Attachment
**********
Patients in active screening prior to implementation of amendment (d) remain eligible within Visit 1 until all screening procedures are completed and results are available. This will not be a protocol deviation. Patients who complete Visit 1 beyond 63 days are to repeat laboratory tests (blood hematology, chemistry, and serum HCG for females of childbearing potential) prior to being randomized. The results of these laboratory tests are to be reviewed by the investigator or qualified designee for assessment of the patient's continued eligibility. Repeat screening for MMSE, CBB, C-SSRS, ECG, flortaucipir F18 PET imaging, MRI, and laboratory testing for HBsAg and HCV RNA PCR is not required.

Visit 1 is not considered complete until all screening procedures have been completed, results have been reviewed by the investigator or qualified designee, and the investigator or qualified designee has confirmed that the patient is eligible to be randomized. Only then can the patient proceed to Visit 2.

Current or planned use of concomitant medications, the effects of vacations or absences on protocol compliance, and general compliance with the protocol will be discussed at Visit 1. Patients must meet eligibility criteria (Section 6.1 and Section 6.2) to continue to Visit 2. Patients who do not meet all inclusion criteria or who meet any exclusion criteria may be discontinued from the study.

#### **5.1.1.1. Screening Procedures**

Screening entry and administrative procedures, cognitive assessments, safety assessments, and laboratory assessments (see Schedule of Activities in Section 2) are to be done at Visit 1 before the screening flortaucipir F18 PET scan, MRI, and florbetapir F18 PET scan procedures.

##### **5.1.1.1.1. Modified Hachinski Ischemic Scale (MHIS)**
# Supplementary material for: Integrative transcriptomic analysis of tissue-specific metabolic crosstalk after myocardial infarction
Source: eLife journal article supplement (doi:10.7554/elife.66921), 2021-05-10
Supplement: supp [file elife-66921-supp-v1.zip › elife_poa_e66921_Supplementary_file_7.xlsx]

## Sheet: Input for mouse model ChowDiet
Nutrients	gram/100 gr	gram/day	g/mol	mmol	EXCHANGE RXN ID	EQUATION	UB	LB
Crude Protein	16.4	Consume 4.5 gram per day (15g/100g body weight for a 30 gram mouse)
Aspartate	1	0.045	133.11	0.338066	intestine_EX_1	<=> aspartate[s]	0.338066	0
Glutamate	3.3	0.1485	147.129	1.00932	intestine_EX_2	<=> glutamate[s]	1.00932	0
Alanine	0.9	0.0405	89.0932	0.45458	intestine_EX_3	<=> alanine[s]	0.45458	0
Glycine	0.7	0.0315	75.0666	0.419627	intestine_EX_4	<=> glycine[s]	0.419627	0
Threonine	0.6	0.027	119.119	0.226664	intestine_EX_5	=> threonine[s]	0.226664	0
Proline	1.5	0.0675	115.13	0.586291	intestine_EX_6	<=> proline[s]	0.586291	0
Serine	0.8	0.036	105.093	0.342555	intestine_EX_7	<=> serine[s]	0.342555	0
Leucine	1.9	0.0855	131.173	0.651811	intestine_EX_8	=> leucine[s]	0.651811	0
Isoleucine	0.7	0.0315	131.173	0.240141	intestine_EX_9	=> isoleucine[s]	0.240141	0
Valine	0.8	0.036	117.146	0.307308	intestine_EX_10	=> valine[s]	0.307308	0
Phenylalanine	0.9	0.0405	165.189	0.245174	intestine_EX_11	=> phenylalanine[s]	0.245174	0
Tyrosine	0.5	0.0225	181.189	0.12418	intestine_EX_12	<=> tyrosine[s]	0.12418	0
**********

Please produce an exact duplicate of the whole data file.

Patients in active screening prior to implementation of amendment (d) remain eligible within Visit 1 until all screening procedures are completed and results are available. This will not be a protocol deviation. Patients who complete Visit 1 beyond 63 days are to repeat laboratory tests (blood hematology, chemistry, and serum HCG for females of childbearing potential) prior to being randomized. The results of these laboratory tests are to be reviewed by the investigator or qualified designee for assessment of the patient's continued eligibility. Repeat screening for MMSE, CBB, C-SSRS, ECG, flortaucipir F18 PET imaging, MRI, and laboratory testing for HBsAg and HCV RNA PCR is not required.

Visit 1 is not considered complete until all screening procedures have been completed, results have been reviewed by the investigator or qualified designee, and the investigator or qualified designee has confirmed that the patient is eligible to be randomized. Only then can the patient proceed to Visit 2.

Current or planned use of concomitant medications, the effects of vacations or absences on protocol compliance, and general compliance with the protocol will be discussed at Visit 1. Patients must meet eligibility criteria (Section 6.1 and Section 6.2) to continue to Visit 2. Patients who do not meet all inclusion criteria or who meet any exclusion criteria may be discontinued from the study.

#### **5.1.1.1. Screening Procedures**

Screening entry and administrative procedures, cognitive assessments, safety assessments, and laboratory assessments (see Schedule of Activities in Section 2) are to be done at Visit 1 before the screening flortaucipir F18 PET scan, MRI, and florbetapir F18 PET scan procedures.

##### **5.1.1.1.1. Modified Hachinski Ischemic Scale (MHIS)**
# Supplementary material for: Integrative transcriptomic analysis of tissue-specific metabolic crosstalk after myocardial infarction
Source: eLife journal article supplement (doi:10.7554/elife.66921), 2021-05-10
Supplement: supp [file elife-66921-supp-v1.zip › elife_poa_e66921_Supplementary_file_7.xlsx]

## Sheet: Input for mouse model ChowDiet
Nutrients	gram/100 gr	gram/day	g/mol	mmol	EXCHANGE RXN ID	EQUATION	UB	LB
Crude Protein	16.4	Consume 4.5 gram per day (15g/100g body weight for a 30 gram mouse)
Aspartate	1	0.045	133.11	0.338066	intestine_EX_1	<=> aspartate[s]	0.338066	0
Glutamate	3.3	0.1485	147.129	1.00932	intestine_EX_2	<=> glutamate[s]	1.00932	0
Alanine	0.9	0.0405	89.0932	0.45458	intestine_EX_3	<=> alanine[s]	0.45458	0
Glycine	0.7	0.0315	75.0666	0.419627	intestine_EX_4	<=> glycine[s]	0.419627	0
Threonine	0.6	0.027	119.119	0.226664	intestine_EX_5	=> threonine[s]	0.226664	0
Proline	1.5	0.0675	115.13	0.586291	intestine_EX_6	<=> proline[s]	0.586291	0
Serine	0.8	0.036	105.093	0.342555	intestine_EX_7	<=> serine[s]	0.342555	0
Leucine	1.9	0.0855	131.173	0.651811	intestine_EX_8	=> leucine[s]	0.651811	0
Isoleucine	0.7	0.0315	131.173	0.240141	intestine_EX_9	=> isoleucine[s]	0.240141	0
Valine	0.8	0.036	117.146	0.307308	intestine_EX_10	=> valine[s]	0.307308	0
Phenylalanine	0.9	0.0405	165.189	0.245174	intestine_EX_11	=> phenylalanine[s]	0.245174	0
Tyrosine	0.5	0.0225	181.189	0.12418	intestine_EX_12	<=> tyrosine[s]	0.12418	0